Al-Sadr’s deal with Iran proxies proves Iraqi elections were a farce

Al-Sadr’s actions prove that the political process has gone beyond the realm of the farcical to the dangerously dysfunctional.
Sunday 01/07/2018
Political posturing. Iraqi Shia cleric and leader Muqtada al-Sadr in Najaf, on June 23. (AFP)
Political posturing. Iraqi Shia cleric and leader Muqtada al-Sadr in Najaf, on June 23. (AFP)

While casual observers of Iraq were filled with hope that May’s elections would lead to change and usher in a new era of the curtailment of foreign meddling — particularly Iranian — those hopes have been dashed a little more than a month later.

The winner of the elections, Shia cleric Muqtada al-Sadr and his alliance of secularists and communists, campaigned on an anti-corruption platform and the promise that he was anti-Iranian. Al-Sadr has instead declared his intention to form a governing coalition with Iraqi Prime Minister Haider al-Abadi’s Victory Alliance bloc, which came in third in the vote, and the staunchly pro-Tehran Conquest Alliance list headed by long-time Iranian stooge Hadi al-Amiri.

So much for sticking to campaign promises.

As I wrote last June, and despite the excited buzzing from the mainstream media that attempted to portray al-Sadr as a unifying figure in Iraqi politics, the Shia cleric is a pragmatist and not a nationalist. Al-Sadr was keenly aware that the Iraqi people — whether Sunni, Shia or any other demographic — were sick and tired of foreign meddling in their country’s affairs, particularly from neighbouring Iran, which has become a bigger shot-caller in Iraq than Baghdad.

Feeding off this mass discontent, al-Sadr positioned himself as an anti-Iran political force, promising to draw Iraq out of Tehran’s sphere of influence. The cleric did this despite Tehran’s long-term support for him and his various Shia jihadist militias that wreaked havoc across central and southern Iraq, perpetrating some of the worst sectarian atrocities in modern Iraqi history.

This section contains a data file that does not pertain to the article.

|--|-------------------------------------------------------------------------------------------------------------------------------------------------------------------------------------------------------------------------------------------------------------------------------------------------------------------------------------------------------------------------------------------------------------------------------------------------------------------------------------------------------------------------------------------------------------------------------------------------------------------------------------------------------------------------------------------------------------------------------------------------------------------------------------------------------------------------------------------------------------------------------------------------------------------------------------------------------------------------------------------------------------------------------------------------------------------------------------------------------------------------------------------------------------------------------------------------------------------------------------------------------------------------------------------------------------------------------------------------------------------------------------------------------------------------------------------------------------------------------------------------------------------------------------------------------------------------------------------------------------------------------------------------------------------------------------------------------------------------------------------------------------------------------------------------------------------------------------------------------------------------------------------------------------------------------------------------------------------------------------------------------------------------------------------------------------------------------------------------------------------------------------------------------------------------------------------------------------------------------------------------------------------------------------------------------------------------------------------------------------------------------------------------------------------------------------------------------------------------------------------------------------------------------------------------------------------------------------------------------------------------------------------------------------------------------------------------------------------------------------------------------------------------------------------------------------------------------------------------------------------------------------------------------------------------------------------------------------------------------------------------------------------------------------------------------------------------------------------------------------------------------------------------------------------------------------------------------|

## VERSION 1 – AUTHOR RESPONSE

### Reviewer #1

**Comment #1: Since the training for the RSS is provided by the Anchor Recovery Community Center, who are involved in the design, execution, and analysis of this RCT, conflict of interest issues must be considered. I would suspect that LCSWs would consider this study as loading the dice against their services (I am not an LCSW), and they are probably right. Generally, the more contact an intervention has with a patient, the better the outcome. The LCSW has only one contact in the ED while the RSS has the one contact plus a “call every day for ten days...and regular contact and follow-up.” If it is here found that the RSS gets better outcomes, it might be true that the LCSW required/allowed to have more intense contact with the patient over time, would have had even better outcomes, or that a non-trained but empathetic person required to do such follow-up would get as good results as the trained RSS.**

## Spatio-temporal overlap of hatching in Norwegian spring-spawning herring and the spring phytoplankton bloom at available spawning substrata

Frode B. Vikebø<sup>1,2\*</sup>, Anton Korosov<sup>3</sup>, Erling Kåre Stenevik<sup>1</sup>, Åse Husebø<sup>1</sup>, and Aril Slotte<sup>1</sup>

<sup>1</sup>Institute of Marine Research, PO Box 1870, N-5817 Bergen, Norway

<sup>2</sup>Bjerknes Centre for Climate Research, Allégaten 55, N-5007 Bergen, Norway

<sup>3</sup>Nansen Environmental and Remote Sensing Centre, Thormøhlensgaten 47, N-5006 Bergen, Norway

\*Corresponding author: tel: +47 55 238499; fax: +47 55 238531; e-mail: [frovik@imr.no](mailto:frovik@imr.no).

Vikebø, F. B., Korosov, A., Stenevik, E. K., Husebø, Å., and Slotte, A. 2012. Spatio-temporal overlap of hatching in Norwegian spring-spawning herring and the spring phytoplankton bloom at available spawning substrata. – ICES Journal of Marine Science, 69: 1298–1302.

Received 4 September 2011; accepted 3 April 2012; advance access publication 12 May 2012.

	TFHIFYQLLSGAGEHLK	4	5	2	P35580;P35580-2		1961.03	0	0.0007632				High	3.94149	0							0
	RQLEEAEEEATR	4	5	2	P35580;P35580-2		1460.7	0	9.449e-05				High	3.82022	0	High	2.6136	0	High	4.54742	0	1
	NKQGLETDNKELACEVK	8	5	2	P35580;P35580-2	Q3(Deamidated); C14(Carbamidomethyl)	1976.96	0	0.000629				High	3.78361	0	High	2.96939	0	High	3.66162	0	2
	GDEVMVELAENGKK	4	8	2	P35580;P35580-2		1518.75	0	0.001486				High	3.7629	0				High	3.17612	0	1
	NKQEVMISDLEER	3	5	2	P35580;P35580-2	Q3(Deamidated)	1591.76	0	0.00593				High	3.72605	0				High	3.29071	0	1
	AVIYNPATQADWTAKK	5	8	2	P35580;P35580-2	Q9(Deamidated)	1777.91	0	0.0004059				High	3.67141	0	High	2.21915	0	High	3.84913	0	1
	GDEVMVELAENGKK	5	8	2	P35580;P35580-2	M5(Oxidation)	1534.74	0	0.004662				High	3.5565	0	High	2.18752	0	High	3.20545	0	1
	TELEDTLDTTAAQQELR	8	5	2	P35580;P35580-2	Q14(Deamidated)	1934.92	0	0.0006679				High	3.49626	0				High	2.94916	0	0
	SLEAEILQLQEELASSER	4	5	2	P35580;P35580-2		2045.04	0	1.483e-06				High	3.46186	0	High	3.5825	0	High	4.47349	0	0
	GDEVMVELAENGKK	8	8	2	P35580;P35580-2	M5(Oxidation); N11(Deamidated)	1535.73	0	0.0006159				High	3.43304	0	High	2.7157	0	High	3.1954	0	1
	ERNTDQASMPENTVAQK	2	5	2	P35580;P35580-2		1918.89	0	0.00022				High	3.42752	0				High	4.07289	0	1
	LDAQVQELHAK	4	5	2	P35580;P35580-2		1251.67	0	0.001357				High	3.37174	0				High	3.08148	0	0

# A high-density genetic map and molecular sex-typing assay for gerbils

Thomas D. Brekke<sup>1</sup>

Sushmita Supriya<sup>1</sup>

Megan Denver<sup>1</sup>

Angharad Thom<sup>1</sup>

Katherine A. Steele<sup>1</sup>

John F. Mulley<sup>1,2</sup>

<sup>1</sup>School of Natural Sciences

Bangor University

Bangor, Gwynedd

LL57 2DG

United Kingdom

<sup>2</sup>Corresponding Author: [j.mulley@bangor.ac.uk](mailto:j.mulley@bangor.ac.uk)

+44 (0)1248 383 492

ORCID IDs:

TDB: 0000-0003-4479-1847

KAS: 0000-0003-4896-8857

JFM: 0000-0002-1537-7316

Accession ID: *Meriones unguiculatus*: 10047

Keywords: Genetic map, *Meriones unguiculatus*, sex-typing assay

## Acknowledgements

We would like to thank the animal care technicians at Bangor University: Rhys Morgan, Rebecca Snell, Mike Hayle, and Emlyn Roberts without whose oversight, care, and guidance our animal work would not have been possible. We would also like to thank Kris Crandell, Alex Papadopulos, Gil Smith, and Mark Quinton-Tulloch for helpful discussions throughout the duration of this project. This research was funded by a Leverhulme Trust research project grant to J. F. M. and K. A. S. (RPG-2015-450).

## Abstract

Due to Iran’s belief that al-Sadr did not have the political weight required for its machinations, Tehran gave him the cold shoulder and favoured his rivals, such as former Prime Minister Nuri al-Maliki and militant jihadist leaders such as Amiri.

Al-Sadr capitalised on Iraqis’ natural anti-Iran sentiments, wide-scale disillusionment with the political process and a catastrophically low voter turnout of 44% to rebrand himself as the Iraqi version of Barack Obama, a change candidate armed with religion and guns.

His success allowed him to show his usefulness to Tehran’s mullahs once more. Considering the United States has walked away from the woefully inadequate nuclear deal negotiated by the Obama administration, Iran was getting jittery about losing influence in the linchpin to its regional success — Iraq.

In comes al-Sadr, pragmatically and shamefully betraying the few Iraqis who did vote, by aligning himself with Amiri, whose Badr Organisation is all but certain to maintain its grip of power on the Interior Ministry and all the police and intelligence forces that come with it.

Al-Sadr showed the Iranians that he was far from spent as a resource to them by winning an election that their other proxies ensured was boycotted by more than 55% of the electorate due to rampant corruption, incessant violence and the industrialised violation of human rights and the dignity of the Iraqi people over the past 15 years.

Al-Sadr’s actions prove that the Iraqis who boycotted the vote were right to do so and that the political process has gone beyond the realm of the farcical to the dangerously dysfunctional, allowing for the continued rape of Iraq’s human and natural resources and its continued subordination to the will of Iranian interlopers.

This shameful turn of events may have sealed the fate of Iraq’s “democracy.” Voters know that their vote means nothing because their political elite will curse each other before every election, only to kiss and make up afterwards so they may all profit at the expense of the normal Iraqi citizen.

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